As I've said before on Spend Matters, I have a tremendous amount of respect for Bob Ferrari, author of the blog Supply Chain Matters. So when he offered up his supply chain predictions for 2009, I made sure to take note. In the sea of yearly prognostications and predictions, it's easy to get lost in all the pontificating that goes on. But if there's someone worth listening too, it's Bob (who has previous experience leading supply chain research for both AMR and IDC, in addition to years spent serving as a practitioner). In his predictions for 2009, Bob suggests, among other areas, that we should expect that "global supply chain flexibility will be radically reduced." Expect increased lead times as capacity comes off line. To overcome the challenge of slower supply chain throughput coupled with variable customer demand, invest in "global-wide supply chain visibility to sense changes in supply or demand patterns" to take action before you miss customer deadlines and orders. Bob also believes that the basis of supply and demand in markets will fundamentally change as the recession continues to rear its ugly head and as companies go belly up. This will force organizations (both buyers and suppliers) to spend extra time monitoring and managing existing relationships. As Bob puts it, "I believe that strategic sourcing and procurement professionals will face a continuous challenge to just maintain existing supply agreements, and may well have to also consider structural change in the way suppliers are selected and managed. More than ever, in 2009, maintaining strong supplier relationships will be a key to navigating severe disruption."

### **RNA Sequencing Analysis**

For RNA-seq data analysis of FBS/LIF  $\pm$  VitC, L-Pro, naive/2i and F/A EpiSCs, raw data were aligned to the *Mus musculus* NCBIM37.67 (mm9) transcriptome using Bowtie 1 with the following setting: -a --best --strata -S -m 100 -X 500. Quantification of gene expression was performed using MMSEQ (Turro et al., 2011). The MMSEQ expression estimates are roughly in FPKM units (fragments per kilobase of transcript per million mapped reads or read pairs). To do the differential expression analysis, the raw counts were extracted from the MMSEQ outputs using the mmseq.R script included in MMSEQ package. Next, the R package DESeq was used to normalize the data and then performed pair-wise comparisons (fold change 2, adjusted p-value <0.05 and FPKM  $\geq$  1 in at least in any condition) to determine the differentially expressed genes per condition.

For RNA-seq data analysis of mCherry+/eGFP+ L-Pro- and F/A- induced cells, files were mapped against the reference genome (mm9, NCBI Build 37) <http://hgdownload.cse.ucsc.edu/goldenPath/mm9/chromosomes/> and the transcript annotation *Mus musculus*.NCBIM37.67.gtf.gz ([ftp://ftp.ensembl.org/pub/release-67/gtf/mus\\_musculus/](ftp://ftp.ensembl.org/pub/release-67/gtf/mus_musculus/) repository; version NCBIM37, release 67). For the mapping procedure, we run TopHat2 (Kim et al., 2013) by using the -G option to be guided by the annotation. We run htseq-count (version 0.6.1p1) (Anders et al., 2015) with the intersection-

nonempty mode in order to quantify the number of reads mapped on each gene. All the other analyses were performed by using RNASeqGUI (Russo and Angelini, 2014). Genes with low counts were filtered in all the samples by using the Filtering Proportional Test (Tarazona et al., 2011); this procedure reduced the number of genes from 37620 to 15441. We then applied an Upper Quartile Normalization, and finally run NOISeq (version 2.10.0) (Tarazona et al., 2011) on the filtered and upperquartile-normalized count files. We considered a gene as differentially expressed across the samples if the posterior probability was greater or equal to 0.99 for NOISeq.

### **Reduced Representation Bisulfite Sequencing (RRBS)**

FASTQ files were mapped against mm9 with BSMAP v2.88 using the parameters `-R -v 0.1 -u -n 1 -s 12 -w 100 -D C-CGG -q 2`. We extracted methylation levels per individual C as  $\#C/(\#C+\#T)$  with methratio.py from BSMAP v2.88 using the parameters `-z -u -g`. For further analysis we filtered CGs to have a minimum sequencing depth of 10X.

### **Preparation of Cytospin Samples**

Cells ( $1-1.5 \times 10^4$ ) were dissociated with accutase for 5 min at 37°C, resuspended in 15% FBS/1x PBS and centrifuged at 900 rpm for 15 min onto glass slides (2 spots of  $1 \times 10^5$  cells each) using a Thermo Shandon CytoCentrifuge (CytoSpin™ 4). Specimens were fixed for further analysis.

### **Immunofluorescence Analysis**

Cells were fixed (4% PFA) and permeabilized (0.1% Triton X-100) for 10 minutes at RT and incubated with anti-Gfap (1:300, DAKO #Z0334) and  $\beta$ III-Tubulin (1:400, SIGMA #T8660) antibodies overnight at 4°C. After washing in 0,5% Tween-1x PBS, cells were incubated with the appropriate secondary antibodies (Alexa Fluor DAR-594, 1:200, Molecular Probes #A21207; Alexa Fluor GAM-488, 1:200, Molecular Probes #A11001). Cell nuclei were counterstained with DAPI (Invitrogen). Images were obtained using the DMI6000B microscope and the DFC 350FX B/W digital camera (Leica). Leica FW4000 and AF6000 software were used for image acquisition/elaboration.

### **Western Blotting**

Coming from an unflappable old industry hand, these predictions are about as dire as they can get. If they're to be believed -- and I think Bob is more right than wrong -- we’ll spend 2009 as much in defensive triage mode as focusing on strategic cost reduction programs. Not a good sign, but better to be safe than left holding an empty supply bag.
- Jason Busch